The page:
If India’s T20 World Cup campaign started with a bang against Pakistan, it ended with the smallest of whimpers against England, in a ten-wicket thrashing that consigned India to its latest in a long line of defeats in knock-out games. The post-mortem is no doubt already underway, but so often have these conversations been held of late that there will be a sense of déjà vu about it all.
India’s tournament started with the brightest of sparks, against a rampant Pakistan pace attack. But other than against the likes of the Netherlands and Zimbabwe, rarely did India look like a team who would genuinely frighten oppositions. Even against Bangladesh, India avoided disaster thanks largely to a chaotic period of brainless batting by Bangladesh. Instead, the brilliance of Virat Kohli and Suryakumar Yadav papered over significant
cracks in the team – and uncharacteristically, many of these were in the batting department.
There are many reasons that can be ascribed to India’s abysmal record in knockout cricket, but the first and most important aspect is personnel.
India’s selection strategy at this tournament was dubiously defensive, at best. India preferred picking the lumbering Ravichandran Ashwin over leg-spinner and genuine wicket- taking option Yuzvendra Chahal (who didn’t play a game in the tournament), and the waning Dinesh Karthik over the explosive Rishabh Pant. The side also persisted with KL Rahul, who was regularly unimpressive, despite the more dynamic Deepak Hooda warming the bench.
Omitted from the squad altogether were young players like Sanju Samson, Shreyas Iyer and Shubman Gill, who have proved that they can match it against the best, and are unbeleaguered by past failures.
Hindsight is of course, 20/20, but from the outset, Rahul Dravid and Rohit Sharma would have done well to learn from the aggressive approach to selection by MS Dhoni ahead of the 2007 T20 World Cup, which remains India’s only T20 World Cup title. Controversially at the time, Dhoni ditched experience in favour of boldness and youth – and the likes of Ashwin would never have made that squad, let alone the playing XI. The benefits of youth are overstated at times, but they go beyond athleticism in the field; youthfulness in a team breeds an infectious sense of fearlessness, the key aspect of the game in which India has struggled heavily in the last decade or so. It mustn’t be forgotten that India were missing two of its most important players through injury, in Ravindra Jadeja and Jasprit Bumrah. Both play critical roles for India, particularly in limited overs cricket.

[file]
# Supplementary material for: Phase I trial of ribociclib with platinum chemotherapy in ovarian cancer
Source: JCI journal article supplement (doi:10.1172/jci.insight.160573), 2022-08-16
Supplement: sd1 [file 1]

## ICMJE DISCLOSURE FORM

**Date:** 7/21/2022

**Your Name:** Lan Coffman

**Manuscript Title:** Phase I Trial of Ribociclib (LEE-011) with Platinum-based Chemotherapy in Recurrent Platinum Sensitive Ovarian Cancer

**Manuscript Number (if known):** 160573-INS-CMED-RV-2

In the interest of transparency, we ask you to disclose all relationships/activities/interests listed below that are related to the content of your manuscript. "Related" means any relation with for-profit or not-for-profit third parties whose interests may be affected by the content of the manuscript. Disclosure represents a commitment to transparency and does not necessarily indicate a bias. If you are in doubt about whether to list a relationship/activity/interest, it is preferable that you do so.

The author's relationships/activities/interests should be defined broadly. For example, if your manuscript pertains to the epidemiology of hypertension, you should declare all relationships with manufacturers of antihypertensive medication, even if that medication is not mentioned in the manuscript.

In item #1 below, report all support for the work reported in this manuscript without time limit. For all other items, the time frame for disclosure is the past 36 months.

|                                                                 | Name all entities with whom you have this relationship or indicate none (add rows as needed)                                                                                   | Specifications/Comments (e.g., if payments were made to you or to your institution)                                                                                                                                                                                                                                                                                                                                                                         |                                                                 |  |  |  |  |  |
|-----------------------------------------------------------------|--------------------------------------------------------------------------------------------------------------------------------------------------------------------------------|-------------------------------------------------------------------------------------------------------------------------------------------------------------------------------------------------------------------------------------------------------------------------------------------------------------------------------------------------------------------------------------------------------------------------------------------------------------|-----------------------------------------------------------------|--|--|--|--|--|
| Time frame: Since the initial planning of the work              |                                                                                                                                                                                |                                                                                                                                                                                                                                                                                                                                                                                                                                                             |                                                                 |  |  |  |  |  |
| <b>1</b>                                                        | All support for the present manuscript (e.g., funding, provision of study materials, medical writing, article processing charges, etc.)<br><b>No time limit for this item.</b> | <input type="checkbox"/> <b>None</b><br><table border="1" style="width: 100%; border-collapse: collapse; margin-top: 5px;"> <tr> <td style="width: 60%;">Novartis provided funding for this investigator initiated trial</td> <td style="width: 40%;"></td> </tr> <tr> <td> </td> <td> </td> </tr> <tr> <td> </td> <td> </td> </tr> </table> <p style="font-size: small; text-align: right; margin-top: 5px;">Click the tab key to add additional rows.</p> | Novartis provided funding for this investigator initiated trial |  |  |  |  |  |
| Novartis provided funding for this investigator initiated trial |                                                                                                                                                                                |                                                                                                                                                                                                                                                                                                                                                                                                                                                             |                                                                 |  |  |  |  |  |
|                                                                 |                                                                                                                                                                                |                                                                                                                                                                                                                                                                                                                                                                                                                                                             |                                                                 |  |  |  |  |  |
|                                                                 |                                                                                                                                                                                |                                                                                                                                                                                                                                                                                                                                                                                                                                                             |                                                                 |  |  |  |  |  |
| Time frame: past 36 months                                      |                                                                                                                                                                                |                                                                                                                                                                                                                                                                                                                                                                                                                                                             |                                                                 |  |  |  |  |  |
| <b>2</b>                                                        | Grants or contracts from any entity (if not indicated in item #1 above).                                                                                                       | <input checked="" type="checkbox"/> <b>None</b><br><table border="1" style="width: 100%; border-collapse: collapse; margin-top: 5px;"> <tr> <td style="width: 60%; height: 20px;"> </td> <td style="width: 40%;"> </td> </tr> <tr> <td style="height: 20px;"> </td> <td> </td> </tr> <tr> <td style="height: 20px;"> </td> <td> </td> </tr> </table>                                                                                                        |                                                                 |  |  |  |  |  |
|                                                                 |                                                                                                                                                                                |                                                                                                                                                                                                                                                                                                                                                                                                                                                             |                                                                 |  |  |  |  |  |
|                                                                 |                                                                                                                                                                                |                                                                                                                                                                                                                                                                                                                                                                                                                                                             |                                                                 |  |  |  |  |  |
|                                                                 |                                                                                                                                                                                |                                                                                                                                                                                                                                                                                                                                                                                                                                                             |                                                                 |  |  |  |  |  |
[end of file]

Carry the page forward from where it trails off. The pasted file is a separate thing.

But in the same way, so too was England missing Mark Wood and Dawid Malan, both first choice players, through injury in England’s semi-final victory over India. In any event, such are the demands of the modern game that there are many more players with international-quality experience ready to slot in; injuries are an unavoidable part of the game.
India’s “softly-softly” approach to T20 international cricket also belies a key learning from the IPL and from teams like England: starting slow with the bat is, by and large, a losing strategy. With KL Rahul, Rohit Sharma and Virat Kohli all accustomed to starting slow and finishing big, India is overly reliant on Suryakumar Yadav and Hardik Pandya to deliver in the death overs. That is a lot of undue pressure given India’s long tail, particularly in the absence of Ravindra Jadeja. It’s also an incredibly outdated approach.
Over the last five years, England have transformed their previously sedate white ball strategy to an almost reckless extent. As India experienced in the fifth and deciding Pataudi Trophy Test, it’s an overhaul that is now bleeding into England’s “Bazball” approach to Test cricket, too.
Of course, as English fans will attest too, hyper-aggression leads to embarrassment at times – England has a penchant for being dismissed for comically paltry totals – but it is also delivering results on the biggest stages, with England the only team to hold
both the T20 World Cup and 50-over World Cup titles at the same time.
But India is not, in any event, immune from embarrassing defeats – this tournament proved that once again. To build a culture of fearlessness, however, India must be
fearless in selection (and non-selection). It means Rahul Dravid and the board of selectors must be prepared to have some difficult conversations in the months ahead.
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